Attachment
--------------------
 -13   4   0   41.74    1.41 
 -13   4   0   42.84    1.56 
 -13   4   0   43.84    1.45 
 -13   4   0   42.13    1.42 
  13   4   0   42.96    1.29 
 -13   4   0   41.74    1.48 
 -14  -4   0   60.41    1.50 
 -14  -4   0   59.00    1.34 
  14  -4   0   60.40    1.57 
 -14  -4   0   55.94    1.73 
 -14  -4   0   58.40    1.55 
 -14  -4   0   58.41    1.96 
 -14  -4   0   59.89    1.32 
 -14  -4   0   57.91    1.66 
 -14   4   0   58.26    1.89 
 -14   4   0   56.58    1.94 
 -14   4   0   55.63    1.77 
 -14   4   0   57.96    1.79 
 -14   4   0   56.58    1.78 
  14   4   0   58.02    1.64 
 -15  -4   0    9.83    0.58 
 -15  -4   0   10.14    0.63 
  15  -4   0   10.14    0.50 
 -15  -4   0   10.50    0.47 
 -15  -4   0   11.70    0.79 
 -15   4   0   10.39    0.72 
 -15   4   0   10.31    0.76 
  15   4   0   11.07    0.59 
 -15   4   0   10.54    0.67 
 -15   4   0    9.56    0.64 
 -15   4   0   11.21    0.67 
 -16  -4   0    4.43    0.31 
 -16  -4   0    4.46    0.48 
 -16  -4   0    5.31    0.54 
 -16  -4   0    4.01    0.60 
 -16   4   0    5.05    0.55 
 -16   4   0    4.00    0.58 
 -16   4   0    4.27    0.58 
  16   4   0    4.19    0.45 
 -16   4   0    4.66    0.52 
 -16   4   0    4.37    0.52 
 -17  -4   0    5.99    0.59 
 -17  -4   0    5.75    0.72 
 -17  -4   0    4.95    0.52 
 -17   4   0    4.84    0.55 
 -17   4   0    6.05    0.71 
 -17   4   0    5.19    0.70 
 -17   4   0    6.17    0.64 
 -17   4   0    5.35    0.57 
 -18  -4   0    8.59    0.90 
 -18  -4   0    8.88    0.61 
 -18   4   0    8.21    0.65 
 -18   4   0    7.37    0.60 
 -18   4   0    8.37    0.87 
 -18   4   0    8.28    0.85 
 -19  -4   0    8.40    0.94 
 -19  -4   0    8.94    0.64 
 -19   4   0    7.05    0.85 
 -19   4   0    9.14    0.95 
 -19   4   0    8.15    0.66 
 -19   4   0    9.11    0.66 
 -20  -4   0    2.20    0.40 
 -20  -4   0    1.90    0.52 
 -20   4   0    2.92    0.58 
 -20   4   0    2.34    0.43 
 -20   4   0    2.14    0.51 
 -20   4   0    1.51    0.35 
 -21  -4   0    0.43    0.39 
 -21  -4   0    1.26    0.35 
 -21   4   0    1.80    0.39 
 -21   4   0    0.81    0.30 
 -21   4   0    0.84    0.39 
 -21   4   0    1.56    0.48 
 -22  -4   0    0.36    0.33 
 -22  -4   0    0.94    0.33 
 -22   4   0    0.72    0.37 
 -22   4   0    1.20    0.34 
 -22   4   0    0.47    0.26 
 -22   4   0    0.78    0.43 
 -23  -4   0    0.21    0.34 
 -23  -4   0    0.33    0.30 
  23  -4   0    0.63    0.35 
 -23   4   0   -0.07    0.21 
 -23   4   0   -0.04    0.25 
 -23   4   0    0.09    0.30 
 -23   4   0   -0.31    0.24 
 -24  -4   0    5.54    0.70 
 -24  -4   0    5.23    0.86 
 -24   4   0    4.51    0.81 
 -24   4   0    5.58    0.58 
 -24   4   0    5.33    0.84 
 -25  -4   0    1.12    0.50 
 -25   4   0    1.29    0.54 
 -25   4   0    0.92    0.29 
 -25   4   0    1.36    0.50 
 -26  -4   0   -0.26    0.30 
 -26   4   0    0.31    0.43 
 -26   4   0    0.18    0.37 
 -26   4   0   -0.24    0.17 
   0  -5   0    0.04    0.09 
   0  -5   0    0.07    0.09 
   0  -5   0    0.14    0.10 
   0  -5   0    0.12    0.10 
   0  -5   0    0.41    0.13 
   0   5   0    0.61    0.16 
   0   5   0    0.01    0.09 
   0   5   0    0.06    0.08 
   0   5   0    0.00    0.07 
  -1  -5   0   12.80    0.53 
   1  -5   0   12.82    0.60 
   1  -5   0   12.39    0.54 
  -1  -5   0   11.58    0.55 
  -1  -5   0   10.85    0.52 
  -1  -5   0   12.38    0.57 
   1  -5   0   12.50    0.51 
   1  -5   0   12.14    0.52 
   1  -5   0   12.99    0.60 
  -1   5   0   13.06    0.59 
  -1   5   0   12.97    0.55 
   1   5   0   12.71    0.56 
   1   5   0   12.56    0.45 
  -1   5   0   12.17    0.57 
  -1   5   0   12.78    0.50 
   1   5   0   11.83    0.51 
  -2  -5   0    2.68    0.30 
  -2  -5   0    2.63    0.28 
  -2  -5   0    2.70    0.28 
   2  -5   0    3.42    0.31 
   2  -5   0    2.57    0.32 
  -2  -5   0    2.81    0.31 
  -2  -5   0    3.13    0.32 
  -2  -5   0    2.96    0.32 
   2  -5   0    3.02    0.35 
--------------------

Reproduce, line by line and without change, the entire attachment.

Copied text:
 -13   4   0   41.74    1.41 
 -13   4   0   42.84    1.56 
 -13   4   0   43.84    1.45 
 -13   4   0   42.13    1.42 
  13   4   0   42.96    1.29 
 -13   4   0   41.74    1.48 
 -14  -4   0   60.41    1.50 
 -14  -4   0   59.00    1.34 
  14  -4   0   60.40    1.57 
 -14  -4   0   55.94    1.73 
 -14  -4   0   58.40    1.55 
 -14  -4   0   58.41    1.96 
 -14  -4   0   59.89    1.32 
 -14  -4   0   57.91    1.66 
 -14   4   0   58.26    1.89 
 -14   4   0   56.58    1.94 
 -14   4   0   55.63    1.77 
 -14   4   0   57.96    1.79 
 -14   4   0   56.58    1.78 
  14   4   0   58.02    1.64 
 -15  -4   0    9.83    0.58 
 -15  -4   0   10.14    0.63 
  15  -4   0   10.14    0.50 
 -15  -4   0   10.50    0.47 
 -15  -4   0   11.70    0.79 
 -15   4   0   10.39    0.72 
 -15   4   0   10.31    0.76 
  15   4   0   11.07    0.59 
 -15   4   0   10.54    0.67 
 -15   4   0    9.56    0.64 
 -15   4   0   11.21    0.67 
 -16  -4   0    4.43    0.31 
 -16  -4   0    4.46    0.48 
 -16  -4   0    5.31    0.54 
 -16  -4   0    4.01    0.60 
 -16   4   0    5.05    0.55 
 -16   4   0    4.00    0.58 
 -16   4   0    4.27    0.58 
  16   4   0    4.19    0.45 
 -16   4   0    4.66    0.52 
 -16   4   0    4.37    0.52 
 -17  -4   0    5.99    0.59 
 -17  -4   0    5.75    0.72 
 -17  -4   0    4.95    0.52 
 -17   4   0    4.84    0.55 
 -17   4   0    6.05    0.71 
 -17   4   0    5.19    0.70 
 -17   4   0    6.17    0.64 
 -17   4   0    5.35    0.57 
 -18  -4   0    8.59    0.90 
 -18  -4   0    8.88    0.61 
 -18   4   0    8.21    0.65 
 -18   4   0    7.37    0.60 
 -18   4   0    8.37    0.87 
 -18   4   0    8.28    0.85 
 -19  -4   0    8.40    0.94 
 -19  -4   0    8.94    0.64 
 -19   4   0    7.05    0.85 
 -19   4   0    9.14    0.95 
 -19   4   0    8.15    0.66 
 -19   4   0    9.11    0.66 
 -20  -4   0    2.20    0.40 
 -20  -4   0    1.90    0.52 
 -20   4   0    2.92    0.58 
 -20   4   0    2.34    0.43 
 -20   4   0    2.14    0.51 
 -20   4   0    1.51    0.35 
 -21  -4   0    0.43    0.39 
 -21  -4   0    1.26    0.35 
 -21   4   0    1.80    0.39 
 -21   4   0    0.81    0.30 
 -21   4   0    0.84    0.39 
 -21   4   0    1.56    0.48 
 -22  -4   0    0.36    0.33 
 -22  -4   0    0.94    0.33 
 -22   4   0    0.72    0.37 
 -22   4   0    1.20    0.34 
 -22   4   0    0.47    0.26 
 -22   4   0    0.78    0.43 
 -23  -4   0    0.21    0.34 
 -23  -4   0    0.33    0.30 
  23  -4   0    0.63    0.35 
 -23   4   0   -0.07    0.21 
 -23   4   0   -0.04    0.25 
 -23   4   0    0.09    0.30 
 -23   4   0   -0.31    0.24 
 -24  -4   0    5.54    0.70 
 -24  -4   0    5.23    0.86 
 -24   4   0    4.51    0.81 
 -24   4   0    5.58    0.58 
 -24   4   0    5.33    0.84 
 -25  -4   0    1.12    0.50 
 -25   4   0    1.29    0.54 
 -25   4   0    0.92    0.29 
 -25   4   0    1.36    0.50 
 -26  -4   0   -0.26    0.30 
 -26   4   0    0.31    0.43 
 -26   4   0    0.18    0.37 
 -26   4   0   -0.24    0.17 
   0  -5   0    0.04    0.09 
   0  -5   0    0.07    0.09 
   0  -5   0    0.14    0.10 
   0  -5   0    0.12    0.10 
   0  -5   0    0.41    0.13 
   0   5   0    0.61    0.16 
   0   5   0    0.01    0.09 
   0   5   0    0.06    0.08 
   0   5   0    0.00    0.07 
  -1  -5   0   12.80    0.53 
   1  -5   0   12.82    0.60 
   1  -5   0   12.39    0.54 
  -1  -5   0   11.58    0.55 
  -1  -5   0   10.85    0.52 
  -1  -5   0   12.38    0.57 
   1  -5   0   12.50    0.51 
   1  -5   0   12.14    0.52 
   1  -5   0   12.99    0.60 
  -1   5   0   13.06    0.59 
  -1   5   0   12.97    0.55 
   1   5   0   12.71    0.56 
   1   5   0   12.56    0.45 
  -1   5   0   12.17    0.57 
  -1   5   0   12.78    0.50 
   1   5   0   11.83    0.51 
  -2  -5   0    2.68    0.30 
  -2  -5   0    2.63    0.28 
  -2  -5   0    2.70    0.28 
   2  -5   0    3.42    0.31 
   2  -5   0    2.57    0.32 
  -2  -5   0    2.81    0.31 
  -2  -5   0    3.13    0.32 
  -2  -5   0    2.96    0.32 
   2  -5   0    3.02    0.35 